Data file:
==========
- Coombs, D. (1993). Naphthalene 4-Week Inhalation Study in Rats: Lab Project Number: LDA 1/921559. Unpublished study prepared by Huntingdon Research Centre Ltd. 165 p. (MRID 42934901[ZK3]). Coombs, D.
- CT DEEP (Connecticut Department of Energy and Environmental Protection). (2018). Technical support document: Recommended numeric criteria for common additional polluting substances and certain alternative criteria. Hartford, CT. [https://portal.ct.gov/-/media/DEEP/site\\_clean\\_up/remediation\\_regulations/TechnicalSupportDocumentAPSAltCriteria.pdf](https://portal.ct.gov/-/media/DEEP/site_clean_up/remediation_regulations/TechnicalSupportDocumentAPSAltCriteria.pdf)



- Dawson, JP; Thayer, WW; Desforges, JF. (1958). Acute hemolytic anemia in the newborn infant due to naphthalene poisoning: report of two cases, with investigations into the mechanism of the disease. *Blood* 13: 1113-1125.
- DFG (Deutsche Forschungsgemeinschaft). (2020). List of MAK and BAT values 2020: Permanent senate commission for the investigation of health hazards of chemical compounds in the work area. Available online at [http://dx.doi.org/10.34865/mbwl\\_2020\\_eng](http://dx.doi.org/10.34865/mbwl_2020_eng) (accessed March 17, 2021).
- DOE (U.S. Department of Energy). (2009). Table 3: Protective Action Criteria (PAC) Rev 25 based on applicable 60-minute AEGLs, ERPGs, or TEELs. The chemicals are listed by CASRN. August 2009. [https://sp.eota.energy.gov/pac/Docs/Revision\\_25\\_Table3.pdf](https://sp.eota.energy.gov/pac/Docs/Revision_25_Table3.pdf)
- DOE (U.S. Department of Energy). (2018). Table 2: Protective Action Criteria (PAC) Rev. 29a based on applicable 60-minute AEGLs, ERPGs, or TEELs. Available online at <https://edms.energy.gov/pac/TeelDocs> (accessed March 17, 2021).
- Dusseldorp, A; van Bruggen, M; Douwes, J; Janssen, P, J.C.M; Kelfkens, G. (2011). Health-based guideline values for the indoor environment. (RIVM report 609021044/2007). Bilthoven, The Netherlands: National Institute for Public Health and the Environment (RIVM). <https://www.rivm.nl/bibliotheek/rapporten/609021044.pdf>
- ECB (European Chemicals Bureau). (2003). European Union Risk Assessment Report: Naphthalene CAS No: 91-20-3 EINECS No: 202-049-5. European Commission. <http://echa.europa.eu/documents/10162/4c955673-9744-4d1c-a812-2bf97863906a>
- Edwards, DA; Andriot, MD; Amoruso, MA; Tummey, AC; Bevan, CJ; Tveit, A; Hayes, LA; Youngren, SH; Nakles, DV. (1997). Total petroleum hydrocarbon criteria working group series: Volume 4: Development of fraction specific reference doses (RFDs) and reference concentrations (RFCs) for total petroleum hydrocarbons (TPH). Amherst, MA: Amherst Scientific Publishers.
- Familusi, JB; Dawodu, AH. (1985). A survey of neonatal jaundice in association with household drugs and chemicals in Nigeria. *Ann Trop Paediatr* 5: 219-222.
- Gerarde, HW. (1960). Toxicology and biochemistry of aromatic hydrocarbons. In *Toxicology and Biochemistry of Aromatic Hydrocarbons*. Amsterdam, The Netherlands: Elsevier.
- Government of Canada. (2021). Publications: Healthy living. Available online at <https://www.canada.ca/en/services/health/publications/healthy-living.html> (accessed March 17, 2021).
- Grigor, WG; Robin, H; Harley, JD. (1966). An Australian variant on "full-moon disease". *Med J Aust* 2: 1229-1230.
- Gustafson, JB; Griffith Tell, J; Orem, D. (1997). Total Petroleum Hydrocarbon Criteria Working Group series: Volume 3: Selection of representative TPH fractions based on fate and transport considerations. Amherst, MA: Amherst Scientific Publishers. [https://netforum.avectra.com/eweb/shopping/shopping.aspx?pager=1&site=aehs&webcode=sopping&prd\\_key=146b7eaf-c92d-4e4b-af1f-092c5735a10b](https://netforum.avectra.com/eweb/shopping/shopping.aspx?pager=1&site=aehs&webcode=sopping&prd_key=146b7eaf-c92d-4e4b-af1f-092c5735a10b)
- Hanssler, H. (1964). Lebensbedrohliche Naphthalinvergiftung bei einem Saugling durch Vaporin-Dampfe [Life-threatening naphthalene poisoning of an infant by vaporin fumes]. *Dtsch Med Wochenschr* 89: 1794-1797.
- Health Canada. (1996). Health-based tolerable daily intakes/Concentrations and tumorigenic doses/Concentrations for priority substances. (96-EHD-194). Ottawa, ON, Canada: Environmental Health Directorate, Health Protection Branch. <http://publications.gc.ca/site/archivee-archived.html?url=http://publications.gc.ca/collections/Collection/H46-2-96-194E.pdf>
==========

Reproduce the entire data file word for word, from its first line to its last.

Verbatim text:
- Coombs, D. (1993). Naphthalene 4-Week Inhalation Study in Rats: Lab Project Number: LDA 1/921559. Unpublished study prepared by Huntingdon Research Centre Ltd. 165 p. (MRID 42934901[ZK3]). Coombs, D.
- CT DEEP (Connecticut Department of Energy and Environmental Protection). (2018). Technical support document: Recommended numeric criteria for common additional polluting substances and certain alternative criteria. Hartford, CT. [https://portal.ct.gov/-/media/DEEP/site\\_clean\\_up/remediation\\_regulations/TechnicalSupportDocumentAPSAltCriteria.pdf](https://portal.ct.gov/-/media/DEEP/site_clean_up/remediation_regulations/TechnicalSupportDocumentAPSAltCriteria.pdf)



- Dawson, JP; Thayer, WW; Desforges, JF. (1958). Acute hemolytic anemia in the newborn infant due to naphthalene poisoning: report of two cases, with investigations into the mechanism of the disease. *Blood* 13: 1113-1125.
- DFG (Deutsche Forschungsgemeinschaft). (2020). List of MAK and BAT values 2020: Permanent senate commission for the investigation of health hazards of chemical compounds in the work area. Available online at [http://dx.doi.org/10.34865/mbwl\\_2020\\_eng](http://dx.doi.org/10.34865/mbwl_2020_eng) (accessed March 17, 2021).
- DOE (U.S. Department of Energy). (2009). Table 3: Protective Action Criteria (PAC) Rev 25 based on applicable 60-minute AEGLs, ERPGs, or TEELs. The chemicals are listed by CASRN. August 2009. [https://sp.eota.energy.gov/pac/Docs/Revision\\_25\\_Table3.pdf](https://sp.eota.energy.gov/pac/Docs/Revision_25_Table3.pdf)
- DOE (U.S. Department of Energy). (2018). Table 2: Protective Action Criteria (PAC) Rev. 29a based on applicable 60-minute AEGLs, ERPGs, or TEELs. Available online at <https://edms.energy.gov/pac/TeelDocs> (accessed March 17, 2021).
- Dusseldorp, A; van Bruggen, M; Douwes, J; Janssen, P, J.C.M; Kelfkens, G. (2011). Health-based guideline values for the indoor environment. (RIVM report 609021044/2007). Bilthoven, The Netherlands: National Institute for Public Health and the Environment (RIVM). <https://www.rivm.nl/bibliotheek/rapporten/609021044.pdf>
- ECB (European Chemicals Bureau). (2003). European Union Risk Assessment Report: Naphthalene CAS No: 91-20-3 EINECS No: 202-049-5. European Commission. <http://echa.europa.eu/documents/10162/4c955673-9744-4d1c-a812-2bf97863906a>
- Edwards, DA; Andriot, MD; Amoruso, MA; Tummey, AC; Bevan, CJ; Tveit, A; Hayes, LA; Youngren, SH; Nakles, DV. (1997). Total petroleum hydrocarbon criteria working group series: Volume 4: Development of fraction specific reference doses (RFDs) and reference concentrations (RFCs) for total petroleum hydrocarbons (TPH). Amherst, MA: Amherst Scientific Publishers.
- Familusi, JB; Dawodu, AH. (1985). A survey of neonatal jaundice in association with household drugs and chemicals in Nigeria. *Ann Trop Paediatr* 5: 219-222.
- Gerarde, HW. (1960). Toxicology and biochemistry of aromatic hydrocarbons. In *Toxicology and Biochemistry of Aromatic Hydrocarbons*. Amsterdam, The Netherlands: Elsevier.
- Government of Canada. (2021). Publications: Healthy living. Available online at <https://www.canada.ca/en/services/health/publications/healthy-living.html> (accessed March 17, 2021).
- Grigor, WG; Robin, H; Harley, JD. (1966). An Australian variant on "full-moon disease". *Med J Aust* 2: 1229-1230.
- Gustafson, JB; Griffith Tell, J; Orem, D. (1997). Total Petroleum Hydrocarbon Criteria Working Group series: Volume 3: Selection of representative TPH fractions based on fate and transport considerations. Amherst, MA: Amherst Scientific Publishers. [https://netforum.avectra.com/eweb/shopping/shopping.aspx?pager=1&site=aehs&webcode=sopping&prd\\_key=146b7eaf-c92d-4e4b-af1f-092c5735a10b](https://netforum.avectra.com/eweb/shopping/shopping.aspx?pager=1&site=aehs&webcode=sopping&prd_key=146b7eaf-c92d-4e4b-af1f-092c5735a10b)
- Hanssler, H. (1964). Lebensbedrohliche Naphthalinvergiftung bei einem Saugling durch Vaporin-Dampfe [Life-threatening naphthalene poisoning of an infant by vaporin fumes]. *Dtsch Med Wochenschr* 89: 1794-1797.
- Health Canada. (1996). Health-based tolerable daily intakes/Concentrations and tumorigenic doses/Concentrations for priority substances. (96-EHD-194). Ottawa, ON, Canada: Environmental Health Directorate, Health Protection Branch. <http://publications.gc.ca/site/archivee-archived.html?url=http://publications.gc.ca/collections/Collection/H46-2-96-194E.pdf>